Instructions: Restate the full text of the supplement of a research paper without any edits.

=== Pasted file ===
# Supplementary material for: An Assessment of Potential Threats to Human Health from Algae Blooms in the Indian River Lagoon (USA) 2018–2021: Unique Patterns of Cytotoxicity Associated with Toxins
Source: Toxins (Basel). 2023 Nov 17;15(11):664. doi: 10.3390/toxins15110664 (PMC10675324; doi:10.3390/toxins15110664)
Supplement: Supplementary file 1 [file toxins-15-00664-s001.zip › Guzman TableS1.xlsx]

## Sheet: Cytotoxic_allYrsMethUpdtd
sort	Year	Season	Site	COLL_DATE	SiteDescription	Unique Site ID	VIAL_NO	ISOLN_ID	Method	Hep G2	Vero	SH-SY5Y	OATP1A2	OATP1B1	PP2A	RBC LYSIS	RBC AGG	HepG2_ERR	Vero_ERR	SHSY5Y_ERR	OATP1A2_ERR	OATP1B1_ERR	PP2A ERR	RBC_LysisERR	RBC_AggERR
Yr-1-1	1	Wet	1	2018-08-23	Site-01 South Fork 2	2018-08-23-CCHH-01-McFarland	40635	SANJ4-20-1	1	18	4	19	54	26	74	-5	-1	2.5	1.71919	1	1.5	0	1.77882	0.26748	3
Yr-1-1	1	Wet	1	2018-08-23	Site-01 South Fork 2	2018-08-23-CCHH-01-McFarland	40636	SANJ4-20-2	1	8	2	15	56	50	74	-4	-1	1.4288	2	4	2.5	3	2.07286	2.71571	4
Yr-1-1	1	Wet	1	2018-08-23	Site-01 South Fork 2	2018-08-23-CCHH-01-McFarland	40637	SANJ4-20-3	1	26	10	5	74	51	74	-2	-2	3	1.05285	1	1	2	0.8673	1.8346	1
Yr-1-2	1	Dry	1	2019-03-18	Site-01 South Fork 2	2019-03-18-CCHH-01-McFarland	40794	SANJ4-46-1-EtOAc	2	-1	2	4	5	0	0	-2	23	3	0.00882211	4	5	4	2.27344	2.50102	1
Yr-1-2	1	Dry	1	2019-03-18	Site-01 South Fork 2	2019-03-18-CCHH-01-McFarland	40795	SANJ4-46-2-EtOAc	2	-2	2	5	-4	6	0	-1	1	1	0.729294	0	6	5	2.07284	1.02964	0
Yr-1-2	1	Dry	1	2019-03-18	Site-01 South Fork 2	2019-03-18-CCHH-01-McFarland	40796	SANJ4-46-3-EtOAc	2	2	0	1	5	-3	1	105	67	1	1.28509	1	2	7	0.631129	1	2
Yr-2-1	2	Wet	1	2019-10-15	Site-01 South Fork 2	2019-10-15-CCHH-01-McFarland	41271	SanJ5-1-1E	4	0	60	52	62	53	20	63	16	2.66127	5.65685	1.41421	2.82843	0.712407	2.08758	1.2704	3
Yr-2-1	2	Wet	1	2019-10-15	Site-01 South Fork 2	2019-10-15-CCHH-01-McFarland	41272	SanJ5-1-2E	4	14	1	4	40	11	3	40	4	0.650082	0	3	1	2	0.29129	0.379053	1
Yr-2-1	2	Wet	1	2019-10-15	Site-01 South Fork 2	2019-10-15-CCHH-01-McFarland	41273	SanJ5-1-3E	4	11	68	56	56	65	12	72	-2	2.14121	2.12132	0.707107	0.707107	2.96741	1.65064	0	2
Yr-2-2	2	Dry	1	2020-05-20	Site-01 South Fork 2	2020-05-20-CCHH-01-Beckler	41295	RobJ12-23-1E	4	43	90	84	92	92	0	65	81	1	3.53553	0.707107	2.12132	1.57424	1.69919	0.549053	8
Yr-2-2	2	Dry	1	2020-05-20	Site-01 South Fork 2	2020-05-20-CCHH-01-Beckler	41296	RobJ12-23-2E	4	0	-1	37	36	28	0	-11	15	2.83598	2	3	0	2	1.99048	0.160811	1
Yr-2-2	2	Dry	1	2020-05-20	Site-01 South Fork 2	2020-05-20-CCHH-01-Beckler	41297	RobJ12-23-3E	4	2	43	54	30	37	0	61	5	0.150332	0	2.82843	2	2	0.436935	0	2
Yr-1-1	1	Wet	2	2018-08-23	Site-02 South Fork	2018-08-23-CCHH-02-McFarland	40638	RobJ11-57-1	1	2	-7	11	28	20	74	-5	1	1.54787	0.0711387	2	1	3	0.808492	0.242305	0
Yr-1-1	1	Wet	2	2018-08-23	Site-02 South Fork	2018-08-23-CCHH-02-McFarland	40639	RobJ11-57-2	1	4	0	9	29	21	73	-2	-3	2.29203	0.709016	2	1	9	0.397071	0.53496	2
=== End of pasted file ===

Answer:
# Supplementary material for: An Assessment of Potential Threats to Human Health from Algae Blooms in the Indian River Lagoon (USA) 2018–2021: Unique Patterns of Cytotoxicity Associated with Toxins
Source: Toxins (Basel). 2023 Nov 17;15(11):664. doi: 10.3390/toxins15110664 (PMC10675324; doi:10.3390/toxins15110664)
Supplement: Supplementary file 1 [file toxins-15-00664-s001.zip › Guzman TableS1.xlsx]

## Sheet: Cytotoxic_allYrsMethUpdtd
sort	Year	Season	Site	COLL_DATE	SiteDescription	Unique Site ID	VIAL_NO	ISOLN_ID	Method	Hep G2	Vero	SH-SY5Y	OATP1A2	OATP1B1	PP2A	RBC LYSIS	RBC AGG	HepG2_ERR	Vero_ERR	SHSY5Y_ERR	OATP1A2_ERR	OATP1B1_ERR	PP2A ERR	RBC_LysisERR	RBC_AggERR
Yr-1-1	1	Wet	1	2018-08-23	Site-01 South Fork 2	2018-08-23-CCHH-01-McFarland	40635	SANJ4-20-1	1	18	4	19	54	26	74	-5	-1	2.5	1.71919	1	1.5	0	1.77882	0.26748	3
Yr-1-1	1	Wet	1	2018-08-23	Site-01 South Fork 2	2018-08-23-CCHH-01-McFarland	40636	SANJ4-20-2	1	8	2	15	56	50	74	-4	-1	1.4288	2	4	2.5	3	2.07286	2.71571	4
Yr-1-1	1	Wet	1	2018-08-23	Site-01 South Fork 2	2018-08-23-CCHH-01-McFarland	40637	SANJ4-20-3	1	26	10	5	74	51	74	-2	-2	3	1.05285	1	1	2	0.8673	1.8346	1
Yr-1-2	1	Dry	1	2019-03-18	Site-01 South Fork 2	2019-03-18-CCHH-01-McFarland	40794	SANJ4-46-1-EtOAc	2	-1	2	4	5	0	0	-2	23	3	0.00882211	4	5	4	2.27344	2.50102	1
Yr-1-2	1	Dry	1	2019-03-18	Site-01 South Fork 2	2019-03-18-CCHH-01-McFarland	40795	SANJ4-46-2-EtOAc	2	-2	2	5	-4	6	0	-1	1	1	0.729294	0	6	5	2.07284	1.02964	0
Yr-1-2	1	Dry	1	2019-03-18	Site-01 South Fork 2	2019-03-18-CCHH-01-McFarland	40796	SANJ4-46-3-EtOAc	2	2	0	1	5	-3	1	105	67	1	1.28509	1	2	7	0.631129	1	2
Yr-2-1	2	Wet	1	2019-10-15	Site-01 South Fork 2	2019-10-15-CCHH-01-McFarland	41271	SanJ5-1-1E	4	0	60	52	62	53	20	63	16	2.66127	5.65685	1.41421	2.82843	0.712407	2.08758	1.2704	3
Yr-2-1	2	Wet	1	2019-10-15	Site-01 South Fork 2	2019-10-15-CCHH-01-McFarland	41272	SanJ5-1-2E	4	14	1	4	40	11	3	40	4	0.650082	0	3	1	2	0.29129	0.379053	1
Yr-2-1	2	Wet	1	2019-10-15	Site-01 South Fork 2	2019-10-15-CCHH-01-McFarland	41273	SanJ5-1-3E	4	11	68	56	56	65	12	72	-2	2.14121	2.12132	0.707107	0.707107	2.96741	1.65064	0	2
Yr-2-2	2	Dry	1	2020-05-20	Site-01 South Fork 2	2020-05-20-CCHH-01-Beckler	41295	RobJ12-23-1E	4	43	90	84	92	92	0	65	81	1	3.53553	0.707107	2.12132	1.57424	1.69919	0.549053	8
Yr-2-2	2	Dry	1	2020-05-20	Site-01 South Fork 2	2020-05-20-CCHH-01-Beckler	41296	RobJ12-23-2E	4	0	-1	37	36	28	0	-11	15	2.83598	2	3	0	2	1.99048	0.160811	1
Yr-2-2	2	Dry	1	2020-05-20	Site-01 South Fork 2	2020-05-20-CCHH-01-Beckler	41297	RobJ12-23-3E	4	2	43	54	30	37	0	61	5	0.150332	0	2.82843	2	2	0.436935	0	2
Yr-1-1	1	Wet	2	2018-08-23	Site-02 South Fork	2018-08-23-CCHH-02-McFarland	40638	RobJ11-57-1	1	2	-7	11	28	20	74	-5	1	1.54787	0.0711387	2	1	3	0.808492	0.242305	0
Yr-1-1	1	Wet	2	2018-08-23	Site-02 South Fork	2018-08-23-CCHH-02-McFarland	40639	RobJ11-57-2	1	4	0	9	29	21	73	-2	-3	2.29203	0.709016	2	1	9	0.397071	0.53496	2